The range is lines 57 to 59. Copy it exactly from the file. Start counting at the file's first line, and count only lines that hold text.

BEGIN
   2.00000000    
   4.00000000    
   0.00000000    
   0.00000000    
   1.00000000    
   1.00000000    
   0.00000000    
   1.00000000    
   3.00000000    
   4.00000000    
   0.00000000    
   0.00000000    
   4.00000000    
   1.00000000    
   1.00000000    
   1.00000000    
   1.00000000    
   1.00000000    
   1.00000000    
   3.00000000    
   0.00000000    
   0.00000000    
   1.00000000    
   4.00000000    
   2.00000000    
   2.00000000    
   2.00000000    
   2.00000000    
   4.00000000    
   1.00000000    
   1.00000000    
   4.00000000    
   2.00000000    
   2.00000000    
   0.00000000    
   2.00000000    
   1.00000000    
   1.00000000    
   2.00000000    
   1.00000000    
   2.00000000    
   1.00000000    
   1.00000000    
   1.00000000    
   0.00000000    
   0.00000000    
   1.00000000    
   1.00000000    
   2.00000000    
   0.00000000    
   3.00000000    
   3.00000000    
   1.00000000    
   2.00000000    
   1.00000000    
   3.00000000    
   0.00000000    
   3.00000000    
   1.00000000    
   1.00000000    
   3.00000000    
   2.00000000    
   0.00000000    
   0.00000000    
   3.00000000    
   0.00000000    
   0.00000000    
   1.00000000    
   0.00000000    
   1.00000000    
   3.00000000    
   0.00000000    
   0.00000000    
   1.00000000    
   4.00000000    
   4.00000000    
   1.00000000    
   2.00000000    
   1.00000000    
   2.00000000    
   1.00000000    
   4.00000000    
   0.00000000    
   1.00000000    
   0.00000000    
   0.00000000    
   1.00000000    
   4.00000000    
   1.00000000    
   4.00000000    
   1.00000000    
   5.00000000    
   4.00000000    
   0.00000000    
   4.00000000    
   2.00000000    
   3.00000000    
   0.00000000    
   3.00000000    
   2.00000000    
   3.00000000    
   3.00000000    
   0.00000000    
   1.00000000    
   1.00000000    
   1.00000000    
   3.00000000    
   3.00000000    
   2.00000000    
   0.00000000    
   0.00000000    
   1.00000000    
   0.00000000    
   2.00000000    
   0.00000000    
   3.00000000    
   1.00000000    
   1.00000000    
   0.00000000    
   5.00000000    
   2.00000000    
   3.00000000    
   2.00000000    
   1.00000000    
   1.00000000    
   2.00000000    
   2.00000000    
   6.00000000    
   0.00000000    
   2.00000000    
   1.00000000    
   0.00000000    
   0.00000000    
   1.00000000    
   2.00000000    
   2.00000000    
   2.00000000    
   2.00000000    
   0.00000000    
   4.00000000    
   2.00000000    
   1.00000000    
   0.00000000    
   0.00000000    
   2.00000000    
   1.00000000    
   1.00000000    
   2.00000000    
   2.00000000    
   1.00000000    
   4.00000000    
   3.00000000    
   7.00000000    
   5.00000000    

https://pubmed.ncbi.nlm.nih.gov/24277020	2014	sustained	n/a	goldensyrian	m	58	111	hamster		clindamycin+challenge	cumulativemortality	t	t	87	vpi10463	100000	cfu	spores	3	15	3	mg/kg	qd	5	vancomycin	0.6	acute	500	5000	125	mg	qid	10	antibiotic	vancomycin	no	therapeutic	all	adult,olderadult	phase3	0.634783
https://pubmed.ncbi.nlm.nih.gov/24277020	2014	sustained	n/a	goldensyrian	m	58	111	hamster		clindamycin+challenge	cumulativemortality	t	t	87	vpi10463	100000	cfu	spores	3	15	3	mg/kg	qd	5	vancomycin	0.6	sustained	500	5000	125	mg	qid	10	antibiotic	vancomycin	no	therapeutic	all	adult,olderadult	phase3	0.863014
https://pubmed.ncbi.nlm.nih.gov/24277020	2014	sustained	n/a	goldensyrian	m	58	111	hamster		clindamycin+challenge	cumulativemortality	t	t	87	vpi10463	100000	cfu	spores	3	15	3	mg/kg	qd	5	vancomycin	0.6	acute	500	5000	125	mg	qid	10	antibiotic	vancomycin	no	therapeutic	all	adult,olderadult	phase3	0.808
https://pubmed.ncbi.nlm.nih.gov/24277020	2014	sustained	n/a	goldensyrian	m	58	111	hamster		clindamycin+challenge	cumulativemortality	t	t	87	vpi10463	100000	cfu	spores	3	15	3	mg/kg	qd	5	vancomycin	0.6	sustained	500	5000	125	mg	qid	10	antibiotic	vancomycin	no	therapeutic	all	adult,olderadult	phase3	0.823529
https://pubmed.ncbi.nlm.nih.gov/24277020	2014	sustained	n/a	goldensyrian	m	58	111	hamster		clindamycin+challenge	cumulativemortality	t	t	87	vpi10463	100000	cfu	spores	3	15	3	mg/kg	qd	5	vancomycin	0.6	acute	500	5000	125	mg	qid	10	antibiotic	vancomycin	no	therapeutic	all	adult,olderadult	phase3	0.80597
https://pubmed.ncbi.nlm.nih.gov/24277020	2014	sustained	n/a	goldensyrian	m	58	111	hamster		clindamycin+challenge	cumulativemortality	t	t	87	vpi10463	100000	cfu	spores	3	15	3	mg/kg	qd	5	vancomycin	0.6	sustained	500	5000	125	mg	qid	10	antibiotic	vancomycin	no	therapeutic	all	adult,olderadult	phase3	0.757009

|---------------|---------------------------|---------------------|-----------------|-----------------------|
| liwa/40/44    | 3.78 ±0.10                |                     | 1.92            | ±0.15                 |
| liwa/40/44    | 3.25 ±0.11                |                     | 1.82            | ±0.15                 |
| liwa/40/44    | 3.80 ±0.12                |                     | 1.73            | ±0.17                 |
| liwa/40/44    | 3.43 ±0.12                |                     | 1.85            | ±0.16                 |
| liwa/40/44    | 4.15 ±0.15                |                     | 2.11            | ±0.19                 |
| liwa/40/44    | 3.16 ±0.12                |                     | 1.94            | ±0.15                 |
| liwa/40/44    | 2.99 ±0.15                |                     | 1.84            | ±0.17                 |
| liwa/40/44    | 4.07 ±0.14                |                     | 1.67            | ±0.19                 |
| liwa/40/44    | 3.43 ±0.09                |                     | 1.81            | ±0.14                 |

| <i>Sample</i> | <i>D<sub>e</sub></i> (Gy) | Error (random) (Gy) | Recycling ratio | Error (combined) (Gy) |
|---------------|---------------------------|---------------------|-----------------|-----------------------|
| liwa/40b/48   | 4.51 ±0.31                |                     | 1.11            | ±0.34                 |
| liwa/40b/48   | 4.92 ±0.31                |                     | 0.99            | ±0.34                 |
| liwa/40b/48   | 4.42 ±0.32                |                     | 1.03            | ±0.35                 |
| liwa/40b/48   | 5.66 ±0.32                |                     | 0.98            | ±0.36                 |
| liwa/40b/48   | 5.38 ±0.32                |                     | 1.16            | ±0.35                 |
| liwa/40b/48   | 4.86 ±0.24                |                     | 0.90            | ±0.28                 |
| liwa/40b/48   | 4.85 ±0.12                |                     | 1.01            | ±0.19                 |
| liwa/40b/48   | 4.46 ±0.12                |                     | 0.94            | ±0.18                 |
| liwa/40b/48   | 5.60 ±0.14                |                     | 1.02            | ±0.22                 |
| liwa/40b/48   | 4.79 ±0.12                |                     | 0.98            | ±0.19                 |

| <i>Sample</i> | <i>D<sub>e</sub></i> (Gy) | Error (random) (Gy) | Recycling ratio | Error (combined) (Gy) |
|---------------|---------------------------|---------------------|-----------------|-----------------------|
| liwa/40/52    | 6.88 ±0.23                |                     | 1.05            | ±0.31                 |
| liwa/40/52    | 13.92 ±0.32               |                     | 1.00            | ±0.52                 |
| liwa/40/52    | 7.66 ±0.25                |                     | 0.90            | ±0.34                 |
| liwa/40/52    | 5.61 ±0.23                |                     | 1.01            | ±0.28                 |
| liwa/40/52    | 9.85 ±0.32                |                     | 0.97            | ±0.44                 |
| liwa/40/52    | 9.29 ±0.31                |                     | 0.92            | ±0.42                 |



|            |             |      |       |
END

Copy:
   0.00000000    
   3.00000000    
   1.00000000    